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My Final Oscar Predictions

The 90th Academy Awards ceremony is nigh upon us and now every cinephile around the Internet are putting in their last predictions for the winners and losers. This is the first year that I’ve done this, as previous years have had me bogged down by busy work and unavailability for some of the nominees. However, I’ve seen more of the Oscar hopefuls this year than I thought, possibly because the race has been seriously unpredictable. After last year’s unprecedented Best Picture debacle, there’s no clear frontrunner for the biggest prize. That being said I would like to throw in some of my own predictions about what will, could, and should win in each major category. I also wanted to include some films or players whom I feel were snubbed and deserved some recognition. No matter what, we’ll all have the same answers on Sunday, March 4th.

Best Picture

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Will Win: The Shape of Water

Could Win: Get Out

Should Win: Dunkirk

Should Have Been Nominated: Mudbound


Best Director

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Will Win: Guillermo del Toro for The Shape of Water

Could Win: Christopher Nolan for Dunkirk

Should Win: Christopher Nolan for Dunkirk

Should Have Been Nominated: Denis Villeneuve for Blade Runner 2049


Best Actor

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Will Win: Gary Oldman in Darkest Hour

Could Win: Timothee Chalamet in Call Me By Your Name

Should Win: Gary Oldman in Darkest Hour

Should Have Been Nominated: Hugh Jackman in Logan


Best Actress

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Will Win: Frances McDormand in Three Billboards Outside Ebbing, Missouri

Could Win: Sally Hawkins in The Shape of Water

Should Win: Frances McDormand in Three Billboards Outside Ebbing, Missouri

Should Have Been Nominated: Carla Gugino in Gerald’s Game


Best Supporting Actor

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Will Win: Sam Rockwell in Three Billboards Outside Ebbing, Missouri

Could Win: Willem Dafoe in The Florida Project

Should Win: Sam Rockwell in Three Billboards Outside Ebbing, Missouri

Should Have Been Nominated: Gil Birmingham in Wind River


Best Supporting Actress

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Will Win: Laurie Metcalf in Lady Bird

Could Win: Allison Janney in I, Tonya

Should Win: Laurie Metcalf in Lady Bird

Should Have Been Nominated: Holly Hunter in The Big Sick


Best Original Screenplay

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Will Win: Get Out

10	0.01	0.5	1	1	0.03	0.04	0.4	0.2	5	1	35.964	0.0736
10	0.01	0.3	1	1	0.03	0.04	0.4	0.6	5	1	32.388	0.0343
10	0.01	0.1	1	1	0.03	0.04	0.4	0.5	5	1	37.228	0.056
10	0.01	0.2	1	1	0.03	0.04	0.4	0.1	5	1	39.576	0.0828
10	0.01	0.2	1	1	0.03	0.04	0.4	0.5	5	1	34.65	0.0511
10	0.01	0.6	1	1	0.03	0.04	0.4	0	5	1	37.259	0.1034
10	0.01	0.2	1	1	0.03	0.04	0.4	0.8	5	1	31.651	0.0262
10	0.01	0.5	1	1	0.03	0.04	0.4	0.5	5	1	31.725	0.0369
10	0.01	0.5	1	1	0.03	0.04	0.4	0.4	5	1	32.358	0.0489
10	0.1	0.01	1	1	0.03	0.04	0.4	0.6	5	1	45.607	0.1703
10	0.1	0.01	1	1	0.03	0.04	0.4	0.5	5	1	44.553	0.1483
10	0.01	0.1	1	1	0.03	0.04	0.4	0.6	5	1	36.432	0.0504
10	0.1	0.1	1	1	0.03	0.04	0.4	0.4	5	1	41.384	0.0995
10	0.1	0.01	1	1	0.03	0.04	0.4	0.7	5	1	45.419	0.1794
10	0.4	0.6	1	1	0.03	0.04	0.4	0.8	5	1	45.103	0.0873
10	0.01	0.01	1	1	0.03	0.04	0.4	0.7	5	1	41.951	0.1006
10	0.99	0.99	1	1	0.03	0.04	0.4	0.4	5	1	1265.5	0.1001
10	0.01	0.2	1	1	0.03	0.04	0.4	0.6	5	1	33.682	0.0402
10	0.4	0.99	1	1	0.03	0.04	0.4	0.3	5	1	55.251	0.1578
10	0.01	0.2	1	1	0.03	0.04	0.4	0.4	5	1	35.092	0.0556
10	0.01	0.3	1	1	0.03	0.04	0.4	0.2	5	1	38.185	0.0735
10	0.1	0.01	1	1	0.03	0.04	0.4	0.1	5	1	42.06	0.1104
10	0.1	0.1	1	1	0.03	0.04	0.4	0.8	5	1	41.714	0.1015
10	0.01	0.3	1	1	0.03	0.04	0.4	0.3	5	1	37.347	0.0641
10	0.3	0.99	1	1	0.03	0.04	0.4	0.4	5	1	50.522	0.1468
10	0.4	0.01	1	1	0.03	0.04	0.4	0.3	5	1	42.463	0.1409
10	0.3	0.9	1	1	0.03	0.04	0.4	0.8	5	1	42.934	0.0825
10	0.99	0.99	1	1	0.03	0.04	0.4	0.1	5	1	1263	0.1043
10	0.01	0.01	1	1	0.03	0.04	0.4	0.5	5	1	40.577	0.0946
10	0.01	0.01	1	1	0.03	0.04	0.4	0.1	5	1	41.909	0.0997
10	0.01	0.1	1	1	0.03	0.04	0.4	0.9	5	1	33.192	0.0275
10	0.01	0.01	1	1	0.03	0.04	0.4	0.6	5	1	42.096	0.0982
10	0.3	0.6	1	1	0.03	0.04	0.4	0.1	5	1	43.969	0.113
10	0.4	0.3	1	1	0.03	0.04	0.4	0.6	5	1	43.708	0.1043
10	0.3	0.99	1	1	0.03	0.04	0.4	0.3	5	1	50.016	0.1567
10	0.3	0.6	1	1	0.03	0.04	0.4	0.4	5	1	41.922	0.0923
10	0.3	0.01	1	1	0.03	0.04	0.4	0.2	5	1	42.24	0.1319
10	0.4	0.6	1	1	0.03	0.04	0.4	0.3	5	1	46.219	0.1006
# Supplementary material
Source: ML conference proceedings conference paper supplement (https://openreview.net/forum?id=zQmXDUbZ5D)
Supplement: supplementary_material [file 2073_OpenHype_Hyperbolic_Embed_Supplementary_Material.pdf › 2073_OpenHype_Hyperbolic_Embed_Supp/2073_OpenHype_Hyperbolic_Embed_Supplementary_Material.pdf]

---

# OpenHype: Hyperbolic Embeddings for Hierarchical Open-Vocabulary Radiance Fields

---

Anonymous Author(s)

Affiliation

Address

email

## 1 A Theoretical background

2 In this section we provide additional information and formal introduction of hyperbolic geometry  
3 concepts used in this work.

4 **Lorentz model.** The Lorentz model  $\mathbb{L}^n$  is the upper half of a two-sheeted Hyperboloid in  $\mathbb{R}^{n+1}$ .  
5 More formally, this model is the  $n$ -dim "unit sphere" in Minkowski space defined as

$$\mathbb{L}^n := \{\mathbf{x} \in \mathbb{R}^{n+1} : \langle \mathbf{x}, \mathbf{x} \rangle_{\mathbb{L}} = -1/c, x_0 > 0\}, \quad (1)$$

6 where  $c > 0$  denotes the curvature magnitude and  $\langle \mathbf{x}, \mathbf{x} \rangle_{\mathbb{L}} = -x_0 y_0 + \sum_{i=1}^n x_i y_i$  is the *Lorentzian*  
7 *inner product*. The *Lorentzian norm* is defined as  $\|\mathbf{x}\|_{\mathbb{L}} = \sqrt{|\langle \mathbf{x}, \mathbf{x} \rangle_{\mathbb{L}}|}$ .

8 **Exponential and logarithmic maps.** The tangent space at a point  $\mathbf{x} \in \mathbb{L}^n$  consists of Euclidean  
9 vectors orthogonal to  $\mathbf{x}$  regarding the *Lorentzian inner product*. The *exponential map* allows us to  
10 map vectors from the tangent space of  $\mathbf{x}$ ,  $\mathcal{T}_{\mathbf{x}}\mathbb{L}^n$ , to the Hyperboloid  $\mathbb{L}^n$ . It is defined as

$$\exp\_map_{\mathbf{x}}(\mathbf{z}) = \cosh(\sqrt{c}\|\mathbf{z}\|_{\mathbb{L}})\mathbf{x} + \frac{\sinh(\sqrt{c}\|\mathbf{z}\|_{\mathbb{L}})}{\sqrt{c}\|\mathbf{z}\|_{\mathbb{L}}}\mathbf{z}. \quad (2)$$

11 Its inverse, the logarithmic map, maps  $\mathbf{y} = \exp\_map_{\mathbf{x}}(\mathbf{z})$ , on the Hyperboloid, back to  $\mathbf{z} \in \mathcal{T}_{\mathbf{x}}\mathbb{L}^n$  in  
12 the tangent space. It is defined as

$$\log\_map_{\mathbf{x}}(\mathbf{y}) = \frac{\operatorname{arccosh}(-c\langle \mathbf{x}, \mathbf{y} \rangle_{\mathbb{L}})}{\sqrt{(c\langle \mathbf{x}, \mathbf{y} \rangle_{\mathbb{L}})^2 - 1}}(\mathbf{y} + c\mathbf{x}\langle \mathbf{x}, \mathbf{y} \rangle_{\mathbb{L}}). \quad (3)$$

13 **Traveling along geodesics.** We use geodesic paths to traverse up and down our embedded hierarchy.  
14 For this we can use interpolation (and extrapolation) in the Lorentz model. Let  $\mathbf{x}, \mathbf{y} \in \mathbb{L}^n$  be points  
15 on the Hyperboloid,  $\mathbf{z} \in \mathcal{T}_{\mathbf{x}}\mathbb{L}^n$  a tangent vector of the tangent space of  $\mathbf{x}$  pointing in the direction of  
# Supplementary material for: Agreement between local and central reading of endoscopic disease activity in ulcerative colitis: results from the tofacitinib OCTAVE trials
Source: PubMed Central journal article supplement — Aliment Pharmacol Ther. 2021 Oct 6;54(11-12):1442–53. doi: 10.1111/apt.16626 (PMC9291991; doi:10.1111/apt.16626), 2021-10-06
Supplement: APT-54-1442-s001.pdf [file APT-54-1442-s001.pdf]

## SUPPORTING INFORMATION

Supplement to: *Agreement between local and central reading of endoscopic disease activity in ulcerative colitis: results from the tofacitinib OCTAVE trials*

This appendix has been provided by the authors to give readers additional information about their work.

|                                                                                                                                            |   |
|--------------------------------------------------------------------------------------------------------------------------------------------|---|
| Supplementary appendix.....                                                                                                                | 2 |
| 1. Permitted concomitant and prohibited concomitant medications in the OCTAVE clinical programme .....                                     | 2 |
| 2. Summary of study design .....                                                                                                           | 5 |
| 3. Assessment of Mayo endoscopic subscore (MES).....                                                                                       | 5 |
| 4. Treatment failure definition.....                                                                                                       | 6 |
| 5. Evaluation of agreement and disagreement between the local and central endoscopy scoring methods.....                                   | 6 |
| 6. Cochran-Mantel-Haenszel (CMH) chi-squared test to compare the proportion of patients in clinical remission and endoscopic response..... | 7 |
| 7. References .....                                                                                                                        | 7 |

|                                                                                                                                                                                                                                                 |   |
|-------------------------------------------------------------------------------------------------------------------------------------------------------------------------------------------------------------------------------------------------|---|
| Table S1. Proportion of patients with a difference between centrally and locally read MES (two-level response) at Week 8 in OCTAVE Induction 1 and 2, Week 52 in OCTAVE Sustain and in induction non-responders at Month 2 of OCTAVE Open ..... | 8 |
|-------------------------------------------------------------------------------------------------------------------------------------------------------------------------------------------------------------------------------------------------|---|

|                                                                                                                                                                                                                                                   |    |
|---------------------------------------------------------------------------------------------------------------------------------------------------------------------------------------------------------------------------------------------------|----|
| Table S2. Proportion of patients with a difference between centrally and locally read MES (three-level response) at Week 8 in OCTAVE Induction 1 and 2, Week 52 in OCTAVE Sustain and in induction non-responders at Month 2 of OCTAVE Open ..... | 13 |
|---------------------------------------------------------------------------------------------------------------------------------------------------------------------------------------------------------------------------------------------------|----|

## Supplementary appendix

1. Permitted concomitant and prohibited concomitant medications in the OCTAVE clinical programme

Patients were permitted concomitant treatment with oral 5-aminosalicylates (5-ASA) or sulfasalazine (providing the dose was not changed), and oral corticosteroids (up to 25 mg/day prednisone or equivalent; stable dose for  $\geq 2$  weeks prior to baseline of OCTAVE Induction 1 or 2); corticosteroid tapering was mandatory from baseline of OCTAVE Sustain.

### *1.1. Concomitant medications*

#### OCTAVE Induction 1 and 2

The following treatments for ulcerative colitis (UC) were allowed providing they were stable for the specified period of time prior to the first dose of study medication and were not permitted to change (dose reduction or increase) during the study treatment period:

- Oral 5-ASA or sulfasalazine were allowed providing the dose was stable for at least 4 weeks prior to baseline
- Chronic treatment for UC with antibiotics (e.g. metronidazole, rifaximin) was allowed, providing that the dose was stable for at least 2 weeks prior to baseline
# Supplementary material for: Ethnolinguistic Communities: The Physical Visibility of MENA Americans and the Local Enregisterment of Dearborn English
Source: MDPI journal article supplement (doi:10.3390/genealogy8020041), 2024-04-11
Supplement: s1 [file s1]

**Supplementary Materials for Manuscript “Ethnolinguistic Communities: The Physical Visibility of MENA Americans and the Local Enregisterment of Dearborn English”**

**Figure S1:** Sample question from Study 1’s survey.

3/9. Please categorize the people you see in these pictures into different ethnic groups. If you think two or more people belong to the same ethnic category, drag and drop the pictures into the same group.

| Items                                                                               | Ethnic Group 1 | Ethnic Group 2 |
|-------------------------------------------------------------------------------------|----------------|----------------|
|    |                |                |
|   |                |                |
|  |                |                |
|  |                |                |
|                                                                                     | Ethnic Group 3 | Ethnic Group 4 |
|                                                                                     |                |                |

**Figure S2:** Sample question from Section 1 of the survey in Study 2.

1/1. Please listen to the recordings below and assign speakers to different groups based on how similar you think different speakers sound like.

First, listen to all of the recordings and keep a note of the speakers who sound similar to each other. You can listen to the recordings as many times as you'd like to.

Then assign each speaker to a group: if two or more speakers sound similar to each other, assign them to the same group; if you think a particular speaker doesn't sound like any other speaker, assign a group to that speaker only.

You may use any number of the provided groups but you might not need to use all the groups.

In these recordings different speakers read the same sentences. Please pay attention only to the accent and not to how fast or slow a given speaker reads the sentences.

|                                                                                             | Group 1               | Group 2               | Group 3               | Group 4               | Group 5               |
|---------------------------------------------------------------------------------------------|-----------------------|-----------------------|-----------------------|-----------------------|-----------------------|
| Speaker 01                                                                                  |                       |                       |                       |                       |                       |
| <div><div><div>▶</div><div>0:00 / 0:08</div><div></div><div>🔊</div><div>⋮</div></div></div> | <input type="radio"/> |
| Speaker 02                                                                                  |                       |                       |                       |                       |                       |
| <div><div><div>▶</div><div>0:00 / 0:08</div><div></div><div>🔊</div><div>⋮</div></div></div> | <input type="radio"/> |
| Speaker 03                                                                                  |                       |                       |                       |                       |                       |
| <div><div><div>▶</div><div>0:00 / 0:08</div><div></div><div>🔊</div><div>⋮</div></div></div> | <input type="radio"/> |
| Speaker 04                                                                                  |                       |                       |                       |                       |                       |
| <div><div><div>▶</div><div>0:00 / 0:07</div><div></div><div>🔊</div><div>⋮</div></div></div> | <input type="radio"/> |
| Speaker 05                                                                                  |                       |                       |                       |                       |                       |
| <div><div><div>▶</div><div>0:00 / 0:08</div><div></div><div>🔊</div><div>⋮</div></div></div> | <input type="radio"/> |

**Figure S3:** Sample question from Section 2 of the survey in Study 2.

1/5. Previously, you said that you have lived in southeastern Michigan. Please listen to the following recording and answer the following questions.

Could Win: Three Billboards Outside Ebbing, Missouri

Should Win: Get Out

Should Have Been Nominated: The Meyerowitz Stories (New and Selected)


Best Adapted Screenplay

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Will Win: Call Me By Your Name

Could Win: Mudbound

Should Win: Logan

Should Have Been Nominated: The Lost City of Z


Best Animated Feature Film

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Will Win: Coco

Could Win: Coco

Should Win: ONLY Coco

Should Have Been Nominated: The Lego Batman Movie


Best Foreign Language Film

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Will Win: A Fantastic Woman (Chile)

Could Win: Loveless (Russia)

Should Win: The Square (Sweden)

Should Have Been Nominated: First They Killed My Father (Cambodia)


Best Documentary- Feature

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Will Win: Last Man in Aleppo

Could Win: Strong Island

Should Win: Icarus

Should Have Been Nominated: Jane or City of Ghosts


Best Documentary- Short Subject

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Will Win: Edith & Eddie

Could Win: Traffic Stop

Should Win: Heroin(e)

Should Have Been Nominated: Long Shot


Best Live-Action Short Film

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Will Win: DeKalb Elementary 

Could Win: My Nephew Emmett

Should Win: DeKalb Elementary

Should Have Been Nominated: Auditorium 6


Best Animated Short Film

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Will Win: Lou

Could Win: Negative Space

Should Win: Revolting Rhymes

Should Have Been Nominated: In a Heartbeat


Best Original Score

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Will Win: The Shape of Water by Alexandre Desplat

Could Win: Dunkirk by Hans Zimmer

Should Win: The Shape of Water by Alexandre Desplat

Should Have Been Nominated: Good Time by Daniel Lopatin


Best Original Song

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Will Win: “Remember Me” from Coco

Could Win: “Mystery of Love” from Call Me By Your Name

Should Win: “Mystery of Love” from Call Me By Your Name

Should Have Been Nominated: “To Be Human” from Wonder Woman


Best Visual Effects

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Will Win: Blade Runner 2049

Could Win: War for the Planet of the Apes

Should Win: War for the Planet of the Apes

Should Have Been Nominated: Okja


Best Cinematography

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Will Win: Blade Runner 2049

Could Win: Dunkirk

Should Win: Blade Runner 2049

Should Have Been Nominated: The Lost City of Z


Best Costume Design

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Will Win: Phantom Thread

Could Win: Beauty and the Beast

Should Win: Phantom Thread

Should Have Been Nominated: Star Wars Episode VIII: The Last Jedi


Best Makeup and Hairstyle

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Will Win: Darkest Hour

Could Win: Wonder

Should Win: Darkest Hour